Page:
asked for assurance that the Gov-
ernment's Bituminous Coal Division
would act speedily in authorizing an
increase in coal prices. This, of course,
would permit the coal operators to
pass the wage boost on to the public.
Roosevelt was friendly - but made
HE TOLD LEWIS he was sure the
Bituminous Coal Division would
act expeditiously, and referred him to
Secretary Ickes, boss of the coal bur-
eau. Then Lewis telephoned Ickes,
who was equally polite and equally
Next day, Defense Price Regulator
Leon Henderson, after conferring
with Ickes, issued an order freezing
coal prices until the Division had
time to make a careful survey of the
situiation. And Ickes, several days
later, announced that preliminary
statistics indicated that improved
mining methods had reduced the av-
erage cost of producing coal 18 cents
a ton. This would hardly justify a
Danish Minister's Rent
N DEFYING Hitler by signing the
treaty placing Greenland under
the United States, the Danish Minis-
ter added insult to injury by agree-
ing to the plan while living on Ger-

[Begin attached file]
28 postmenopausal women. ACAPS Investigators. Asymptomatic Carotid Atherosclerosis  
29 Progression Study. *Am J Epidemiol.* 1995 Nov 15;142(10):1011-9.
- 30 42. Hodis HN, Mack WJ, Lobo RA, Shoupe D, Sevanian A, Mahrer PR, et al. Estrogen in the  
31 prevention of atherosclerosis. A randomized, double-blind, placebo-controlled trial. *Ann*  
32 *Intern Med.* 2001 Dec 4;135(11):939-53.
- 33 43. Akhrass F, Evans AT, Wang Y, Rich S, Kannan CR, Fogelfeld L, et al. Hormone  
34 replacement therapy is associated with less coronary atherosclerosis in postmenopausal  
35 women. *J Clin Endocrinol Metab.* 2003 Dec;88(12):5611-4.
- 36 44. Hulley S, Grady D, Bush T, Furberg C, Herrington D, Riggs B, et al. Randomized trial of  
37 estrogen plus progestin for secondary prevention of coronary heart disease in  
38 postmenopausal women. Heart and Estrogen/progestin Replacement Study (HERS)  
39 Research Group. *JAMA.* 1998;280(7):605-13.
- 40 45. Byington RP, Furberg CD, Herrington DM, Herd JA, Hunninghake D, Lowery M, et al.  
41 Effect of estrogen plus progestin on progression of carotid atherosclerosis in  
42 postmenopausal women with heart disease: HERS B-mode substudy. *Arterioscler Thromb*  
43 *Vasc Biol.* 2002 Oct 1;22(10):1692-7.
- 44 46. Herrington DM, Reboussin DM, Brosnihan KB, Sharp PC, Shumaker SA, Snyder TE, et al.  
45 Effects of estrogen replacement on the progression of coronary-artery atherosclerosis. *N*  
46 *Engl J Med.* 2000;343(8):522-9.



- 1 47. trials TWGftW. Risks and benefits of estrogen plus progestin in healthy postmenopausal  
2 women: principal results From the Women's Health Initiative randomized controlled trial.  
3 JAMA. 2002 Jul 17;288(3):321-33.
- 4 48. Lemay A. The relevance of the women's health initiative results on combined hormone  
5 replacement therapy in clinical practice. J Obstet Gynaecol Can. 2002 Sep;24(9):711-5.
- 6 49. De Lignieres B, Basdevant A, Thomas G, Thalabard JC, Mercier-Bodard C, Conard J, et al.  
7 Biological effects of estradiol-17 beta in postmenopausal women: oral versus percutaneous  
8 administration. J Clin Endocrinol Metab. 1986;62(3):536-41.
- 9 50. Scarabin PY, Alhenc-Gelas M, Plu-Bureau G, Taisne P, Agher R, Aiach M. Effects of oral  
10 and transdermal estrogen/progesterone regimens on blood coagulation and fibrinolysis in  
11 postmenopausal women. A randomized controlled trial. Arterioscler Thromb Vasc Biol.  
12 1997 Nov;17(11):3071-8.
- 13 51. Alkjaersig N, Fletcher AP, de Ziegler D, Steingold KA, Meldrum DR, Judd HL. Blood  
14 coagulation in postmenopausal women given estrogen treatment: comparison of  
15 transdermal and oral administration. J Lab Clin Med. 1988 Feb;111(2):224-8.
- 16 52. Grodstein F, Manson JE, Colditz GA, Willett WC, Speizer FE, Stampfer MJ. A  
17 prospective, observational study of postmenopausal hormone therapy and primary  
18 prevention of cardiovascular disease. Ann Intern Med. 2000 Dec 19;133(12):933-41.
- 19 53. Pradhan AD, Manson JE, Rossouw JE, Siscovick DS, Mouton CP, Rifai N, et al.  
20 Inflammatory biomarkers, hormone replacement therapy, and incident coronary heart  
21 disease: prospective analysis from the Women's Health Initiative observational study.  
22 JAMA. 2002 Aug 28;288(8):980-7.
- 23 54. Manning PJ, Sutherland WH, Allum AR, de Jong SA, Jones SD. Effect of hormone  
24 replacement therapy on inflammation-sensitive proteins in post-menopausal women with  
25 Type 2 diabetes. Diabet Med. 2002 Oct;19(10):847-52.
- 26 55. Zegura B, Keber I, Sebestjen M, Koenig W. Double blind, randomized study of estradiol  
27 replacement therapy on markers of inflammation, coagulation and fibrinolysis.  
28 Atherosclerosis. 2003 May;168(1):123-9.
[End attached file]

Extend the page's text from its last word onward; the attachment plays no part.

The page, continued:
man territory. For the Danish Le-
gation is Washington is located in the
building formerly occupied by the
Austrian legation, and turned over to
the Germans by Minister Edgar
Prochnik after the Vienna anschluss.
Relations between landlord and
tenant have been anything but cord-
ial for some time. Danish Minister
de Kauffmann has even broken off
diplomatc relatons wth the German
Embassy to the extent of refusng to
pay hs rent direct to the Nazi rep-
resentatives. Instead he turns it over
to the real estate firm which nego-
tiated the lease for the property.
Just what action will be taken fol-
lowing the latest overt act is not clear.
The Germansmay order de Kauff-
mann to move out of the house, as
they did his next-door neighbor,
Czech Minister Vladimir Hurban.
Hurban refused to comply and has
been sustained by the State Depart-
ment, but what assistance they may
be able to render de Kauffmann,
whose legation is actual German pro-
perty, remains to be seen.
THE OPM may claim that since
Aluminum was put. on the priority
list the supply problem in this vital
metal is well in hand, but Army Air
Corps heads are taking no chances.
They are quietly considering a plan